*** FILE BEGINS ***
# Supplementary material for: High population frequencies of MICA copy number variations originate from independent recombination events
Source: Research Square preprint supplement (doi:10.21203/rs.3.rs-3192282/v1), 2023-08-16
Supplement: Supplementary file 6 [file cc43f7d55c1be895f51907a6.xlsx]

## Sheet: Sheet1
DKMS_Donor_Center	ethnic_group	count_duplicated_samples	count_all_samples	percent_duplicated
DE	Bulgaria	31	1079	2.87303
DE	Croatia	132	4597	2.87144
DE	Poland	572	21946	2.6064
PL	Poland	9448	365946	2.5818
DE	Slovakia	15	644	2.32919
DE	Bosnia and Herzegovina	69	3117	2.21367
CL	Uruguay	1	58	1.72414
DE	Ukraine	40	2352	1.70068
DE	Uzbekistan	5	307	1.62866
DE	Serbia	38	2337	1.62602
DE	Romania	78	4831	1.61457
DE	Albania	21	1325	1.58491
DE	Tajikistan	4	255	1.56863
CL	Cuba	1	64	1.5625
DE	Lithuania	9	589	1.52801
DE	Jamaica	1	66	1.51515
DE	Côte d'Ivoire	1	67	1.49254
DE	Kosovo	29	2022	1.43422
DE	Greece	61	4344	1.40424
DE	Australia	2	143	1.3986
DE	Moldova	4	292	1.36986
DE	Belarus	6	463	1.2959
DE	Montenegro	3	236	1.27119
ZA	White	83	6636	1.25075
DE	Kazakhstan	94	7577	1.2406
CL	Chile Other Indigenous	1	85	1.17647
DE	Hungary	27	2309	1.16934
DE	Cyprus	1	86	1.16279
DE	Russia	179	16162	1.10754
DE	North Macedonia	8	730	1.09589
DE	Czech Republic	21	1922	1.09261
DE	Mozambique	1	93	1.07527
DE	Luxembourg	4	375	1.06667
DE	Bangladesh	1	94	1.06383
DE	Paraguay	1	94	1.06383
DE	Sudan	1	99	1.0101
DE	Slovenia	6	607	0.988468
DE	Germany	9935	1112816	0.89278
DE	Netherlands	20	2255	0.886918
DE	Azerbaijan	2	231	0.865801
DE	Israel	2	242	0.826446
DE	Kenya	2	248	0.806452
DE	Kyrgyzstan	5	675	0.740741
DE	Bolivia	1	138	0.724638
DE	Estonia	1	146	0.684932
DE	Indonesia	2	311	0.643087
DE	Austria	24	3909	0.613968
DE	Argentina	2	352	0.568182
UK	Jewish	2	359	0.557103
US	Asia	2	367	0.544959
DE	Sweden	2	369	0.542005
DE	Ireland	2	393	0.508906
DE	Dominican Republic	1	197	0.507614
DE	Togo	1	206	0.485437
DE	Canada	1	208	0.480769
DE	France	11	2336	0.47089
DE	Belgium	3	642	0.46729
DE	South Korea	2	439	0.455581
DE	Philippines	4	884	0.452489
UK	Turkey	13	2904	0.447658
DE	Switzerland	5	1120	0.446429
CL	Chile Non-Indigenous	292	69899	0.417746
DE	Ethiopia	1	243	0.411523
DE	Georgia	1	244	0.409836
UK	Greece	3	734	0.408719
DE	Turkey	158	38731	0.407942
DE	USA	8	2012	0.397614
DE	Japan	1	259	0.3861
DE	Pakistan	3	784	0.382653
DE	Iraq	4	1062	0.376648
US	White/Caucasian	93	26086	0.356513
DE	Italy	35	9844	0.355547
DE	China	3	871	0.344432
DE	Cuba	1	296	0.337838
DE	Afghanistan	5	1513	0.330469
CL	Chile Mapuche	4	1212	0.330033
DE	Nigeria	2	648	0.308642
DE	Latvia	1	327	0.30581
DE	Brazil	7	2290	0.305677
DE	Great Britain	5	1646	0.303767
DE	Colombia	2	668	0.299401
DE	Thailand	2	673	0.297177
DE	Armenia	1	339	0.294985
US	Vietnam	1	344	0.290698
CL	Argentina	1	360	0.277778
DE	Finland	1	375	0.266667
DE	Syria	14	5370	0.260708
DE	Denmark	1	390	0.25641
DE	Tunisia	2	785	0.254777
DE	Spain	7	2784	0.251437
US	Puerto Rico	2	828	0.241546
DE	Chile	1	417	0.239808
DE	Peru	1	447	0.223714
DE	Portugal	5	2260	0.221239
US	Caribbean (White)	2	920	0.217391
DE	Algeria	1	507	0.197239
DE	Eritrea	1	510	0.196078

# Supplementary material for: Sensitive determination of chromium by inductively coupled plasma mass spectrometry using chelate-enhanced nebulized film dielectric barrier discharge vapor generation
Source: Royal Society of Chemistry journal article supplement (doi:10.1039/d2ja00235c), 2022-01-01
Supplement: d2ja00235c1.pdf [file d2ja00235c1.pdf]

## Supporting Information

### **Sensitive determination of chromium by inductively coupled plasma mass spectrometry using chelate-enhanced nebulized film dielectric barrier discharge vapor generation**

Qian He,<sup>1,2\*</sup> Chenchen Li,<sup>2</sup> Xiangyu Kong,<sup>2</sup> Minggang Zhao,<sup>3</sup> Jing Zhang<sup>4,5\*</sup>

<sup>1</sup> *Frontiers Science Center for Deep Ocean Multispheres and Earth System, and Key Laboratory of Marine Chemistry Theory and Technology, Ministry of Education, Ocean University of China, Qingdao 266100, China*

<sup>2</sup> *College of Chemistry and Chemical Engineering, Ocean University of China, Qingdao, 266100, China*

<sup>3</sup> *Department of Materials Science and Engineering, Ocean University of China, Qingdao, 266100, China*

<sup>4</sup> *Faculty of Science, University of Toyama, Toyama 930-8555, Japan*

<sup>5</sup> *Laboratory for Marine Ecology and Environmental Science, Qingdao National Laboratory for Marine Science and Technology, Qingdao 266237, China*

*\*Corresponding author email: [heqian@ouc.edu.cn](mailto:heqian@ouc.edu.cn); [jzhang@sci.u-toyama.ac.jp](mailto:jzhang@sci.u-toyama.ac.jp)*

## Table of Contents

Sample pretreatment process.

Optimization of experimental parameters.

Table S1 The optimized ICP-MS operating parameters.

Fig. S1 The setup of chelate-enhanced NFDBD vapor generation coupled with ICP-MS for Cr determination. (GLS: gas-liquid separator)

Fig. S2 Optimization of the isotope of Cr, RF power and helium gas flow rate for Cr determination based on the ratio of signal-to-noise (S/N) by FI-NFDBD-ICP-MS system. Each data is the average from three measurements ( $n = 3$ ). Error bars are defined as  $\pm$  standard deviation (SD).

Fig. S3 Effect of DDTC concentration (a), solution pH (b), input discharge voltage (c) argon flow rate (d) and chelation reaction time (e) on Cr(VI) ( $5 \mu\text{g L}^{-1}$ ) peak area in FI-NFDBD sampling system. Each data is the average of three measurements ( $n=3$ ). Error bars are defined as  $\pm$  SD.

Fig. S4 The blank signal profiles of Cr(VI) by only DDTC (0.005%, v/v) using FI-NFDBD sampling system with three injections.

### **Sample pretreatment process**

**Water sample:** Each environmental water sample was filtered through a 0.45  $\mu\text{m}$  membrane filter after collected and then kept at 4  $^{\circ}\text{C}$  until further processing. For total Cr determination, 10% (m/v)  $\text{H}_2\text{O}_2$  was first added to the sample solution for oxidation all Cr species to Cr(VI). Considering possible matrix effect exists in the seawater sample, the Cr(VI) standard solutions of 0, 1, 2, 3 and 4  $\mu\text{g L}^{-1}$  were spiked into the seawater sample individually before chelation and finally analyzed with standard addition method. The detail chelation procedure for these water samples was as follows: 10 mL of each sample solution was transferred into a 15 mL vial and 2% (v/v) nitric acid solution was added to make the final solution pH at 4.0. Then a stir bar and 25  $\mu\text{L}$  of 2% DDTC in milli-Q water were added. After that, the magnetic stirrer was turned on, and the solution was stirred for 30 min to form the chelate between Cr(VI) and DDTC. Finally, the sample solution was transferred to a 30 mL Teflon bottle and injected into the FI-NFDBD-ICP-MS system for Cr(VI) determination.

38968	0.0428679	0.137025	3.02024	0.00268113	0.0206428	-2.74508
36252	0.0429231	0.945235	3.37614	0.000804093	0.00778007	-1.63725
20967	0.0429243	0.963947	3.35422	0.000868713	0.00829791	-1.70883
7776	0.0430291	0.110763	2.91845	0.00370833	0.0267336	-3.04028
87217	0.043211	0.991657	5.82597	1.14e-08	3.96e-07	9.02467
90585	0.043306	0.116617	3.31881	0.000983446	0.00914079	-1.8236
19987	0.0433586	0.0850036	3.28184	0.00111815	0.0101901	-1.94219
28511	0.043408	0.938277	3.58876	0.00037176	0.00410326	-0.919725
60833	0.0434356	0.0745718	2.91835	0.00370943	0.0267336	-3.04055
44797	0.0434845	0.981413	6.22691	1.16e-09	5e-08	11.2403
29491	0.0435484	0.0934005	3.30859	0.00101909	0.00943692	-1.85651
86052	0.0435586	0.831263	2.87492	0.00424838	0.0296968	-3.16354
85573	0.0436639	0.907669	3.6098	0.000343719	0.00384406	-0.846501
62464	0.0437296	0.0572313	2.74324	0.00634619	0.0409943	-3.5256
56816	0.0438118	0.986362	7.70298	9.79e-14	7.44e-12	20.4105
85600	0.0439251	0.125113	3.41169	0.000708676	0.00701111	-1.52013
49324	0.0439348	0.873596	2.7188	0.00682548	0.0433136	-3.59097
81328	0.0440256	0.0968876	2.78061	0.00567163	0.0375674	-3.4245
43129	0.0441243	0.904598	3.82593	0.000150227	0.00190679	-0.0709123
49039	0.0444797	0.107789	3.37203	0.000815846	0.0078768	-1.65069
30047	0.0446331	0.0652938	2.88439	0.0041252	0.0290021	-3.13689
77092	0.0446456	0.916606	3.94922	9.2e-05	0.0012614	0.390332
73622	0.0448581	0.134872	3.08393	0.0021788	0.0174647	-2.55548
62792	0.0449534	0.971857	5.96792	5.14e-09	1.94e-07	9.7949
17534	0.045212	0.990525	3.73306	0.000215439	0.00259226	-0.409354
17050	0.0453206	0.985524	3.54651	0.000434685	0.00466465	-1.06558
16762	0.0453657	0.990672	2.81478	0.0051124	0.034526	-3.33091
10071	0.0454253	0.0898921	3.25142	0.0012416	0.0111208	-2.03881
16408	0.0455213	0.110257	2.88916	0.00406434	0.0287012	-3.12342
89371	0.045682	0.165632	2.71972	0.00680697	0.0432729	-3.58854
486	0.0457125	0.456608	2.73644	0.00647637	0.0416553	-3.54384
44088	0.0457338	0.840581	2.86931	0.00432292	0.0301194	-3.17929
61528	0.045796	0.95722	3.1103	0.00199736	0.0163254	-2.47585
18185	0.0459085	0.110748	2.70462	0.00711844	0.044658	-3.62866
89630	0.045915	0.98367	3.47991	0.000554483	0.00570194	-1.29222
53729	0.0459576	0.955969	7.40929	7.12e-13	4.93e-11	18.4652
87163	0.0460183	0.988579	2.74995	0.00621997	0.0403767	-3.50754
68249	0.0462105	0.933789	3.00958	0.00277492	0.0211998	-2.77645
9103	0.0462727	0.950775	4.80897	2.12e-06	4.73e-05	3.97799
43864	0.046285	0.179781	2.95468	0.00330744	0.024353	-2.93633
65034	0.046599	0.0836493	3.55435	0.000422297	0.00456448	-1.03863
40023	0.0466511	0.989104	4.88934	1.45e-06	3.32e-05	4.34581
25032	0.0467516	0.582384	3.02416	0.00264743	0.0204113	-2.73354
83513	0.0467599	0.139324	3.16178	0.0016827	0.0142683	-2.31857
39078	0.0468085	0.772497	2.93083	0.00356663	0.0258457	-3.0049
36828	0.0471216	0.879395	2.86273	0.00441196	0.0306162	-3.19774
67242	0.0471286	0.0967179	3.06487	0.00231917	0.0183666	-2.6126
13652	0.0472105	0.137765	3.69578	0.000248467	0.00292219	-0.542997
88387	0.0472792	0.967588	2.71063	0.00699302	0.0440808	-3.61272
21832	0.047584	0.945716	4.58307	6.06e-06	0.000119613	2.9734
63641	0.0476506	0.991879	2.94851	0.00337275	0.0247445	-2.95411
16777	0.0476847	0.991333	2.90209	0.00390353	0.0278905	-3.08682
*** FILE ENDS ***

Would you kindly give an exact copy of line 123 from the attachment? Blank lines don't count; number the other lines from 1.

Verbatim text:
### **Sample pretreatment process**